Day two: I was not quite as spry as I had been on day one. My thighs ached. The parts that had been beat up from other “I like to go fast” gravitational events were more sore than usual. My body stiff as I snap crackled and popped my way towards the shower. I ate a hearty breakfast of apple pie and assorted gas station staples while rigorously abiding by the speed limit back to class ;-)
This was the day were things really started to click and I was “finding my rhythm” brake turn gas, brake turn gas, brake turn gas. I was starting to work with one of the instructors on finding the point where I could go from a progressive roll on to just pinning it after snapping the bike up, and using the extra throttle to widen my exit and get to the line. At my best I almost could not really tell when I stopped one and started the next, they were starting to blend together. It had dried up significantly and now much of what had been relatively sticky mud was fine silt, on hard packed clay.
We had three less trivial accidents, one guy high sided on the flat track, he was fine and kept riding. Another banged his knee, and I got to test my back protector when a classmate got me after a fall. The gentleman with the bunged knee was out for the day.
We talked a lot about line selection, and squaring off the corner.
Then came the WILD corner, this was another decreasing radius dynamic chamber/dynamic traction event. Basically come in Wide Initiate Late and Deep, committing to a late apex with lots of throttle and a long sight line. This was braking so hard that we were leaving rubber on the clay, both wheels locking or locked up sliding the bike going in and spinning the tires going out. It was absolute giggles time. Following the trend, once we started to get it down it was time to do it one hand on the gas tank.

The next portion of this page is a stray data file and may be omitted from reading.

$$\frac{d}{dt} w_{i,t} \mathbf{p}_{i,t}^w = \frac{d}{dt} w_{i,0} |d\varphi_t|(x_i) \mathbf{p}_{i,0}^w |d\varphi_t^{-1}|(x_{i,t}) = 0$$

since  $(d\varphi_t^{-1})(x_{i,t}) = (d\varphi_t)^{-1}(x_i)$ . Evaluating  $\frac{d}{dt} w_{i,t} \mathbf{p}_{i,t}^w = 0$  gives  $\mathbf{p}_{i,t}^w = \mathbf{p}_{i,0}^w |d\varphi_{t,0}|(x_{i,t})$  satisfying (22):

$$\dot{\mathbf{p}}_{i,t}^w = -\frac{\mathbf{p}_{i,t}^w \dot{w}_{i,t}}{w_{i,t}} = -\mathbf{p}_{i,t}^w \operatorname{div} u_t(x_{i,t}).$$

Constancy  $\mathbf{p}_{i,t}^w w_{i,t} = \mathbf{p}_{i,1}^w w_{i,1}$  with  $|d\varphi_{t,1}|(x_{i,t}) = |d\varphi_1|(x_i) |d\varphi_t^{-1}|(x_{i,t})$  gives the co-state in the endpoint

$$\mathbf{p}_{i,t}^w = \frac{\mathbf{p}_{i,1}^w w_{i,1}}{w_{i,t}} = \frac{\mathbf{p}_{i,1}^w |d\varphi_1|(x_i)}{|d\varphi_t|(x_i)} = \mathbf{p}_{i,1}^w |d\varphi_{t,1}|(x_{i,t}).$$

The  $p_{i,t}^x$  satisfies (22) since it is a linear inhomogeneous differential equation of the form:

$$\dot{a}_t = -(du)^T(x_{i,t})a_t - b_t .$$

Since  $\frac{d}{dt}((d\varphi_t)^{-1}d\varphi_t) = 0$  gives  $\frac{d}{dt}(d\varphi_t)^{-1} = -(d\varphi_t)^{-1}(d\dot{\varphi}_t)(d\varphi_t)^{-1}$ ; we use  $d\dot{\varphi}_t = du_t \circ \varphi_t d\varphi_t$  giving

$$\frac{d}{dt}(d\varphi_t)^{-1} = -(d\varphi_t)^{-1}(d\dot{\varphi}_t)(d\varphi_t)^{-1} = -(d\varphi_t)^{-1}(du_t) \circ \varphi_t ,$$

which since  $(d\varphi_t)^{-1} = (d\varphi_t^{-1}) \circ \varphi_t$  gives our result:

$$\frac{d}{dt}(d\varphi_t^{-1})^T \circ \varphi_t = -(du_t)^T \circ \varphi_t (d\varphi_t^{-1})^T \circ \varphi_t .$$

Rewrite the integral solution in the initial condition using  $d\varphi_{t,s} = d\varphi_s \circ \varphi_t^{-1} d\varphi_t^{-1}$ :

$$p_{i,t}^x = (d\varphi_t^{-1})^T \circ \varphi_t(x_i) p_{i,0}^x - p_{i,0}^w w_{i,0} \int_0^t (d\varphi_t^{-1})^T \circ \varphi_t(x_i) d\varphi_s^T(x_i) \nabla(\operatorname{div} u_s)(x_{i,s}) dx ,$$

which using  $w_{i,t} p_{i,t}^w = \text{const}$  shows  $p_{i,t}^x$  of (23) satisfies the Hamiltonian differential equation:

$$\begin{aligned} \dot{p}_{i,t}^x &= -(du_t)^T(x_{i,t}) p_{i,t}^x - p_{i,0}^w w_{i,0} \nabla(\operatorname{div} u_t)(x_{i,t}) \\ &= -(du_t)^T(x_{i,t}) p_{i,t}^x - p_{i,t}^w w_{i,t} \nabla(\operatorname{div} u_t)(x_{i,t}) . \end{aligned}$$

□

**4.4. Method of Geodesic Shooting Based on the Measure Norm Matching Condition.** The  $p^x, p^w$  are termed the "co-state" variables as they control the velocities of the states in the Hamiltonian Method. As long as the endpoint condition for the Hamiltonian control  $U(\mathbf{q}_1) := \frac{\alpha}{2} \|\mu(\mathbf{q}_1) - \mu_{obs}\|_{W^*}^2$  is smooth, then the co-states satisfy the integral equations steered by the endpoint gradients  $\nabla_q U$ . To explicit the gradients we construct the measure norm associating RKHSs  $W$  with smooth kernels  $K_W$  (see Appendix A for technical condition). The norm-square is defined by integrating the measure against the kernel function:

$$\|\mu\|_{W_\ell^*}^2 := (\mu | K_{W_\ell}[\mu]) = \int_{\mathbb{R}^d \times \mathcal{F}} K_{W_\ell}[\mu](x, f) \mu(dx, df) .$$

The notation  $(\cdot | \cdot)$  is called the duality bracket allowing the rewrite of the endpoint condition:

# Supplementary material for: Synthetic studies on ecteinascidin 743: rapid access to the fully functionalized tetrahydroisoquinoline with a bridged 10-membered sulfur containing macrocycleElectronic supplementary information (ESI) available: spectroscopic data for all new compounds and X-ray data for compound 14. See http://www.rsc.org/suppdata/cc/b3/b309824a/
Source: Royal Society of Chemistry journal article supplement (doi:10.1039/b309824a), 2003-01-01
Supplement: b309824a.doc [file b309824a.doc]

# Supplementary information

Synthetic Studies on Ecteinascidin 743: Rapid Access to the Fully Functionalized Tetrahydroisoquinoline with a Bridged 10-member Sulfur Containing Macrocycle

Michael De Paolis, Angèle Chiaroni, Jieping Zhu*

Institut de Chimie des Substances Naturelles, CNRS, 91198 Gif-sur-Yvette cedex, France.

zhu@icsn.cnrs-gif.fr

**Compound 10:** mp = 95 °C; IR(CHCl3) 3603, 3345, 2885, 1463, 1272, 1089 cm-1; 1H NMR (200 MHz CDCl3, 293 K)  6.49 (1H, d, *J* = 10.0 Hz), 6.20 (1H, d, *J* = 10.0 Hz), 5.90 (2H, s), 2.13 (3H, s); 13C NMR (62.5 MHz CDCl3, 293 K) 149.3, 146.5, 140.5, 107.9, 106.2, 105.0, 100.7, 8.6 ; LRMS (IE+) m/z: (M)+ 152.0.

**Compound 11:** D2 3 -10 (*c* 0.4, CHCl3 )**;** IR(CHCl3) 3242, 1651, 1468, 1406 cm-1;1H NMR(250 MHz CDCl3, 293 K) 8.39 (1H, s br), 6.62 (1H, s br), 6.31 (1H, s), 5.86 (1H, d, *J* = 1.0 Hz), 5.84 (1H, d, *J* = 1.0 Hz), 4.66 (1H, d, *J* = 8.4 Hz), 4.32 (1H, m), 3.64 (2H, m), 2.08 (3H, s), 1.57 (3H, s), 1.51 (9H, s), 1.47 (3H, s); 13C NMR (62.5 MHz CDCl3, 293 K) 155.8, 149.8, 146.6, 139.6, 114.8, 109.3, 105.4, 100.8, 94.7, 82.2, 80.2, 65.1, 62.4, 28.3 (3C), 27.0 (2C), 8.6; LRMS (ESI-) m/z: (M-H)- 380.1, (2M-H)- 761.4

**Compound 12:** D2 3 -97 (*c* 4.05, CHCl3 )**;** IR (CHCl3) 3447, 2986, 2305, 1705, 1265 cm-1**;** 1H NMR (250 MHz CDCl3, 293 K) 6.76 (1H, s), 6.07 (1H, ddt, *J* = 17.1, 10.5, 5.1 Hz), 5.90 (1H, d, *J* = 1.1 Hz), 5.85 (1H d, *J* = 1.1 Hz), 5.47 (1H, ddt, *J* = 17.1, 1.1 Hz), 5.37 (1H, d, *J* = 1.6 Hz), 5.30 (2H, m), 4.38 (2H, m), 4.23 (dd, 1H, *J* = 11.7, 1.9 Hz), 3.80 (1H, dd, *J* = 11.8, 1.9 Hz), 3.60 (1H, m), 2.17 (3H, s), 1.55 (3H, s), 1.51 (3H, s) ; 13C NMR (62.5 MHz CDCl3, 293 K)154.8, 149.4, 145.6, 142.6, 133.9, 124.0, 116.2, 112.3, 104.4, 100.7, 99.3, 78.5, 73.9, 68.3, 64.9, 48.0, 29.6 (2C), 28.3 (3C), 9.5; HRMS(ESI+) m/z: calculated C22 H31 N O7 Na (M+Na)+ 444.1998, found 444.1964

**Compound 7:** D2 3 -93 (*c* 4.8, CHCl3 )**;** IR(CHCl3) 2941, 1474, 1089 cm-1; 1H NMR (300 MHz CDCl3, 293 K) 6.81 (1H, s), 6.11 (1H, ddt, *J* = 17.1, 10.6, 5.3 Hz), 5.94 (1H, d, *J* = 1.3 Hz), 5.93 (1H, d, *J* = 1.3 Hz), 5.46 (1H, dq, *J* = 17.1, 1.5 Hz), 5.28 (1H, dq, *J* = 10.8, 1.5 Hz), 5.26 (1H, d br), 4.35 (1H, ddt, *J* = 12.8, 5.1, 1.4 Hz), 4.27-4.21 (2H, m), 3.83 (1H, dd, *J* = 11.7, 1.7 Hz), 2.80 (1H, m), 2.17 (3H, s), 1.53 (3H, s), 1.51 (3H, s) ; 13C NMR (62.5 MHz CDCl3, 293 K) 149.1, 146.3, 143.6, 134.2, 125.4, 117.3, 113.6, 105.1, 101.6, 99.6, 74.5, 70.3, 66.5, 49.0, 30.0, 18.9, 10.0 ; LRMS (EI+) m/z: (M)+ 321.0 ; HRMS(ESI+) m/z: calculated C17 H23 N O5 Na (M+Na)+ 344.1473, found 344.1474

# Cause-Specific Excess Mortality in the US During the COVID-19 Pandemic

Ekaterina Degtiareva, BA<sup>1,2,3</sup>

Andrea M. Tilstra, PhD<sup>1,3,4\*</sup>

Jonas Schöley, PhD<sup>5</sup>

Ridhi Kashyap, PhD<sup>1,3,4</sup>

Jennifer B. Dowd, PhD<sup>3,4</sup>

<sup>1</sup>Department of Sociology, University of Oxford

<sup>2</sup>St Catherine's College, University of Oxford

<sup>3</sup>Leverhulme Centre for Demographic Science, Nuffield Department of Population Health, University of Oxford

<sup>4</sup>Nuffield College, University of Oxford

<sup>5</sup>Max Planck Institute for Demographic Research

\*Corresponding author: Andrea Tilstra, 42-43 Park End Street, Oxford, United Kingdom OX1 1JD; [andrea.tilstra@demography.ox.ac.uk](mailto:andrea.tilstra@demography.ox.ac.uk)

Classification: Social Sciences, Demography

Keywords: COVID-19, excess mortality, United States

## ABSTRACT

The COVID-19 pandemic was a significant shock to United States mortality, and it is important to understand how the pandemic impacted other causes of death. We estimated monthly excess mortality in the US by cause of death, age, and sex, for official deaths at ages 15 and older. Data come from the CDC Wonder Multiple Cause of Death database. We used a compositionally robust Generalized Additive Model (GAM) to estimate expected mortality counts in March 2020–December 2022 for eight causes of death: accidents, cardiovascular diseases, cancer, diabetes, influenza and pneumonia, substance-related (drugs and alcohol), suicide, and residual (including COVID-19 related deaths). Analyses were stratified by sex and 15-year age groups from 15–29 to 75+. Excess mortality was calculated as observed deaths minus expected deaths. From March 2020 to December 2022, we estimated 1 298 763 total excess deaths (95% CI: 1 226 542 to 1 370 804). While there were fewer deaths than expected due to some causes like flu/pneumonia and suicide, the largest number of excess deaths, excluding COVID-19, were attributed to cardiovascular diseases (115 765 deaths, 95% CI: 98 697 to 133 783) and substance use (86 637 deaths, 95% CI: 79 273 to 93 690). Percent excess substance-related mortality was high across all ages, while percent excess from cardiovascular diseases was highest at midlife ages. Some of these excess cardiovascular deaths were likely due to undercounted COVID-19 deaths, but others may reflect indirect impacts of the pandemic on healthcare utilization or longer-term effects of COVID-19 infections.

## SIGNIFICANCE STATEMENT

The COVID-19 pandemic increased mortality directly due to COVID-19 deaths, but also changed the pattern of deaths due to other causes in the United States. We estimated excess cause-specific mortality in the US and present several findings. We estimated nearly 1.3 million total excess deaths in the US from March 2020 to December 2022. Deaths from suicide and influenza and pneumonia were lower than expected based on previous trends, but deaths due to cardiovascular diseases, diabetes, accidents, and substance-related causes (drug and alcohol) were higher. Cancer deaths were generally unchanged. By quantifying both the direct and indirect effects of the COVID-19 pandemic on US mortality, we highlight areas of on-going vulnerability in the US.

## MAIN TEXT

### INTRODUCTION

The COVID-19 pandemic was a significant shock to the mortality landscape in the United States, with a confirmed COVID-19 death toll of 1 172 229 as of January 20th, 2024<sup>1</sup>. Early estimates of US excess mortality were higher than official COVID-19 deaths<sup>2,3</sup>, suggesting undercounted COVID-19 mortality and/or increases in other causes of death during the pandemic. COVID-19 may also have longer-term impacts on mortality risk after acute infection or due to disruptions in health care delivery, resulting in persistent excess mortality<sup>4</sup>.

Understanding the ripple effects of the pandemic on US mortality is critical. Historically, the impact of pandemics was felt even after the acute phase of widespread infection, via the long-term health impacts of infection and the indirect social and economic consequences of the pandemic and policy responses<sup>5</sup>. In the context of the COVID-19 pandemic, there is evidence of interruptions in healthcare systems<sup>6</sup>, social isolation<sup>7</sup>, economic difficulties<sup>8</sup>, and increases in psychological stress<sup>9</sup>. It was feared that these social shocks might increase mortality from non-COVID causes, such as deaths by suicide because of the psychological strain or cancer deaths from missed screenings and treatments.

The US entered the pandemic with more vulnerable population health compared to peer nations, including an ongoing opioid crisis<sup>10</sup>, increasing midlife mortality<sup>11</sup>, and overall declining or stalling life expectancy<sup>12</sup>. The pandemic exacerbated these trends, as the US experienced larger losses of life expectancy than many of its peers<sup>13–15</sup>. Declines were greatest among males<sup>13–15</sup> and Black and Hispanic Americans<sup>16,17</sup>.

On the back half of that circuit was the downhill chicane, which was silty and yet some how muddy, it was a great chance to work on transitions, and throttle control and body positions because it would punish you if you failed at any of the three.
Finally it was final exam time: not-a-jump you crest this meter tall berm then need to brake turn gas through a decreasing radius/off chamber/silty leading to muddy/there is no good line right hander then twist the loud handle towards Oak Tree. I didn’t actually wipe out on the final exam. Many did. I only had one time when I thought I would wipe out, but I focused on my next brake point and gave it a handful of throttle. Like magic I was pulled to my brake point.
The day wrapped up with a quick round-table review of the weekend, then some open play time.
well, that’s my story. I hope you liked it, if not please accept this cat video as my apology.